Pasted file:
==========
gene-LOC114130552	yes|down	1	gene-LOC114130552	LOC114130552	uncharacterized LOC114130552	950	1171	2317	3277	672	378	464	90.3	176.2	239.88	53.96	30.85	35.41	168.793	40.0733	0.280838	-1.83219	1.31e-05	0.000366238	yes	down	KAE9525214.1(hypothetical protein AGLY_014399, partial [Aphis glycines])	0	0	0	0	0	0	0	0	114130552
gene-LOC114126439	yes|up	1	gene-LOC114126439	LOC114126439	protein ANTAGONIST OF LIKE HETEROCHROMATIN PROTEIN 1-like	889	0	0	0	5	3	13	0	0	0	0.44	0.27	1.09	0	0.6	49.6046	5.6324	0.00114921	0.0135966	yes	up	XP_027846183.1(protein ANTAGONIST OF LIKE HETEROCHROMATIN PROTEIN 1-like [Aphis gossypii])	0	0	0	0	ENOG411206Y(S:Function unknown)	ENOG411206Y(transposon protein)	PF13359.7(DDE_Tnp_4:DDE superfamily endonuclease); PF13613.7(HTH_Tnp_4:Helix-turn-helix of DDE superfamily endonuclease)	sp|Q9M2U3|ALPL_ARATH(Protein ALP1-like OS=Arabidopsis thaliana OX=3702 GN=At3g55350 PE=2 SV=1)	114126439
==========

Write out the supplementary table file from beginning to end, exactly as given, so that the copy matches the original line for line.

gene-LOC114130552	yes|down	1	gene-LOC114130552	LOC114130552	uncharacterized LOC114130552	950	1171	2317	3277	672	378	464	90.3	176.2	239.88	53.96	30.85	35.41	168.793	40.0733	0.280838	-1.83219	1.31e-05	0.000366238	yes	down	KAE9525214.1(hypothetical protein AGLY_014399, partial [Aphis glycines])	0	0	0	0	0	0	0	0	114130552
gene-LOC114126439	yes|up	1	gene-LOC114126439	LOC114126439	protein ANTAGONIST OF LIKE HETEROCHROMATIN PROTEIN 1-like	889	0	0	0	5	3	13	0	0	0	0.44	0.27	1.09	0	0.6	49.6046	5.6324	0.00114921	0.0135966	yes	up	XP_027846183.1(protein ANTAGONIST OF LIKE HETEROCHROMATIN PROTEIN 1-like [Aphis gossypii])	0	0	0	0	ENOG411206Y(S:Function unknown)	ENOG411206Y(transposon protein)	PF13359.7(DDE_Tnp_4:DDE superfamily endonuclease); PF13613.7(HTH_Tnp_4:Helix-turn-helix of DDE superfamily endonuclease)	sp|Q9M2U3|ALPL_ARATH(Protein ALP1-like OS=Arabidopsis thaliana OX=3702 GN=At3g55350 PE=2 SV=1)	114126439